ports: [ "15672:15672", "5672:5672" ]
    environment:
      RABBITMQ_DEFAULT_USER: ${EXCHANGE_RABBITMQ_USER}
      RABBITMQ_DEFAULT_PASS: ${EXCHANGE_RABBITMQ_PASS}
    deploy:
      replicas: 1
      restart_policy:
        condition: on-failure
      placement:
        constraints:
          - node.labels.queue-host == true

While this Compose file will be checked in on Git, the .env file would be ignored.

I've followed the whole stuff/history of the *.dab vs compose files, and I feel you guys are trying to avoid something - or proposing a better solution - but I lost track of the whole discussion...

@dnephin dnephin removed their assignment Dec 27, 2016

@akhildangore

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akhildangore commented Jan 6, 2017

Hello All,

Docker version: v1.13.0-rc4

I am getting error : Ignoring unsupported options: build, Does it mean it will not create build from Dockerfile ?

And also getting same error for network_mode: Ignoring unsupported options: network_mode.

Below is command:
DOCKER_IMAGE=akhil123 docker stack deploy -c docker-compose.yml foo

Many thanks in advance.

@thaJeztah

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thaJeztah commented Jan 6, 2017

@akhildangore please don't comment on issues with questions that are not directly related. The docker stack deploy feature, by design does not perform builds. Reason for this is that a build is performed on the host that the command is run from, so the image will only be available on that node. When deploying that image in a Swarm, the service cannot be started on other nodes. To deploy services, make sure the image you're deploying is pushed to a registry (or for testing; make sure the image is available on every node in the swarm)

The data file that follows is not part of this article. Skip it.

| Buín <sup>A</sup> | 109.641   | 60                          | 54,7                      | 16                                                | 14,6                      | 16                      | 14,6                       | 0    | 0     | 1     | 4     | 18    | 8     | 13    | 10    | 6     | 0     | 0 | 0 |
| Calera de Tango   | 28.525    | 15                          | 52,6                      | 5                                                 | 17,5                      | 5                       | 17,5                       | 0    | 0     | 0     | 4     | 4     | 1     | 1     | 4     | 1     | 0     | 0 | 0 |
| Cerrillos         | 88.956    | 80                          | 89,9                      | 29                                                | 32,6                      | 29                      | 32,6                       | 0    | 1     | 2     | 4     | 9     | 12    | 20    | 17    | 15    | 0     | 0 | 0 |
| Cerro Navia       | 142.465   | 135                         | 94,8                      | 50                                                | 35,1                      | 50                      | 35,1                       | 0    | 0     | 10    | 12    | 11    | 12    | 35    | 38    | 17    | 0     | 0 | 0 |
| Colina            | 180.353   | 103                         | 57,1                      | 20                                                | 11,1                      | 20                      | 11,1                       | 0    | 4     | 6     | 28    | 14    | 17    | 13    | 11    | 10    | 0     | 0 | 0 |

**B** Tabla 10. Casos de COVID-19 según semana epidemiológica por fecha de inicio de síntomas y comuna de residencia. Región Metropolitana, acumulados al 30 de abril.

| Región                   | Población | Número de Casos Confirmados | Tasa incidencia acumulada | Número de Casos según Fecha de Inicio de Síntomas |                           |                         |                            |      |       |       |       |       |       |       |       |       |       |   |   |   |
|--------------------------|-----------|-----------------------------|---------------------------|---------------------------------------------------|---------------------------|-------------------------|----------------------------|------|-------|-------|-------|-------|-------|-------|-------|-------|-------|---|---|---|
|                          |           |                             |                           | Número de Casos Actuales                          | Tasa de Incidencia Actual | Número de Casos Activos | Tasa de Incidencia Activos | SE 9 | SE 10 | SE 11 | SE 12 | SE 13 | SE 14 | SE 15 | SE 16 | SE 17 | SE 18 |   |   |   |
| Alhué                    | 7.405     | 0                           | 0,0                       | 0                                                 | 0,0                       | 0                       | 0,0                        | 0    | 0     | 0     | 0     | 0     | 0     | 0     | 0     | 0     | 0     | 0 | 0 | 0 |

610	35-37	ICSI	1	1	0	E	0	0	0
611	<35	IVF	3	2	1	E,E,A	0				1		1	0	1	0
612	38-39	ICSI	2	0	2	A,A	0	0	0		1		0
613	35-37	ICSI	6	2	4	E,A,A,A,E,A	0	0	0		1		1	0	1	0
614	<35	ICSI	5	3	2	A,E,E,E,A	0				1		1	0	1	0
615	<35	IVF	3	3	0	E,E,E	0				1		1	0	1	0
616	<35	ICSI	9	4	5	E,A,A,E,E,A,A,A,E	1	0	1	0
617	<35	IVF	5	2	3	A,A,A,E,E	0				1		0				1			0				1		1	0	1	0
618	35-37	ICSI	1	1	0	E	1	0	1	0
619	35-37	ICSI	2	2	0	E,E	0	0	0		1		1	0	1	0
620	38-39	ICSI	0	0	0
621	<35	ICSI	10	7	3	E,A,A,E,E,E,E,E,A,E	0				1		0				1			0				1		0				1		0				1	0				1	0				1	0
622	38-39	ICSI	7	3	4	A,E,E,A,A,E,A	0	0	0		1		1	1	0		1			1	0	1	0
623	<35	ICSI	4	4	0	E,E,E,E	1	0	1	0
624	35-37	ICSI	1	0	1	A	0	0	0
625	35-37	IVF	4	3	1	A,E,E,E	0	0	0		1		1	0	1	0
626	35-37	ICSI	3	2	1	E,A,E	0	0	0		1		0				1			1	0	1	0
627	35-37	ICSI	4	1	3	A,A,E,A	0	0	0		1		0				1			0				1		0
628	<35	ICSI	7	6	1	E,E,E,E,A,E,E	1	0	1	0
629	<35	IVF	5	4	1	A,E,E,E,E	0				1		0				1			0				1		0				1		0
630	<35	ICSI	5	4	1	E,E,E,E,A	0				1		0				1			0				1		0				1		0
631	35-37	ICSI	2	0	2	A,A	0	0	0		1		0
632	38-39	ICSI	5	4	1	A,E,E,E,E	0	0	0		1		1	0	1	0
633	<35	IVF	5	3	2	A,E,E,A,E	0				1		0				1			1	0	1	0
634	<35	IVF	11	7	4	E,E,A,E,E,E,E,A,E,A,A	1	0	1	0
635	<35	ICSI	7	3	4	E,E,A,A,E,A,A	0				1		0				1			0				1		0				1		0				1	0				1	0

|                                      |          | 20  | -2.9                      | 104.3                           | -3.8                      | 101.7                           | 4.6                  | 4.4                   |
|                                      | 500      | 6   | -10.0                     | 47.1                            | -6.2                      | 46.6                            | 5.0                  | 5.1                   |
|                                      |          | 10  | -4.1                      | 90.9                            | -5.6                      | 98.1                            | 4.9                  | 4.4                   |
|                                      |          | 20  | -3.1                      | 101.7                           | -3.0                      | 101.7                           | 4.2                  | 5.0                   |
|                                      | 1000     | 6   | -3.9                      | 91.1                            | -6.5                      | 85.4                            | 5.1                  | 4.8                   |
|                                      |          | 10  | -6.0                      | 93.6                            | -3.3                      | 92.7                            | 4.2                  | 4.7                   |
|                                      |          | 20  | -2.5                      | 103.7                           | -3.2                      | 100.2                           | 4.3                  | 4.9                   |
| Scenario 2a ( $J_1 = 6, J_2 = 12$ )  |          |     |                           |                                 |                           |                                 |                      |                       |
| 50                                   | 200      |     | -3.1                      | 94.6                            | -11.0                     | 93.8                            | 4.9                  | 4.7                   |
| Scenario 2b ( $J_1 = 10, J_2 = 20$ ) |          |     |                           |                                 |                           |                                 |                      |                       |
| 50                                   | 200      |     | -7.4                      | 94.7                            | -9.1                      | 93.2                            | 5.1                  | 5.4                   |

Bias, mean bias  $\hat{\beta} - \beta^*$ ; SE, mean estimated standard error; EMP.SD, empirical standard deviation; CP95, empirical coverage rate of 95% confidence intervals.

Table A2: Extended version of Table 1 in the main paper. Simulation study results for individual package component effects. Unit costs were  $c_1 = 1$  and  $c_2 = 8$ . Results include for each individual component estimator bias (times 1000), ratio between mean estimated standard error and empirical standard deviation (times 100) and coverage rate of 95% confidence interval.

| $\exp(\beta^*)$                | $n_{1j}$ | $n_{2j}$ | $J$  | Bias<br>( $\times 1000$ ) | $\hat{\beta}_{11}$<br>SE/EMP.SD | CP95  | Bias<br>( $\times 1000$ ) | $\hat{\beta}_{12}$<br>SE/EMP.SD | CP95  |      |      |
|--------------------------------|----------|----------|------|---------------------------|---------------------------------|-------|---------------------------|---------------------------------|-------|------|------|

@vovimayhem

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vovimayhem commented Jan 24, 2017

Are there any cases/discussion in favor of/against supporting this behavior on docker deploy?

@thaJeztah

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thaJeztah commented Jan 24, 2017

@vovimayhem no decision was made yet on .env file, but you may be interested in #30144, which adds support for secrets to the compose file

@vovimayhem

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vovimayhem commented Jan 24, 2017

I've just found that discussion. Excellent!

@vdemeester vdemeester removed their assignment Jan 27, 2017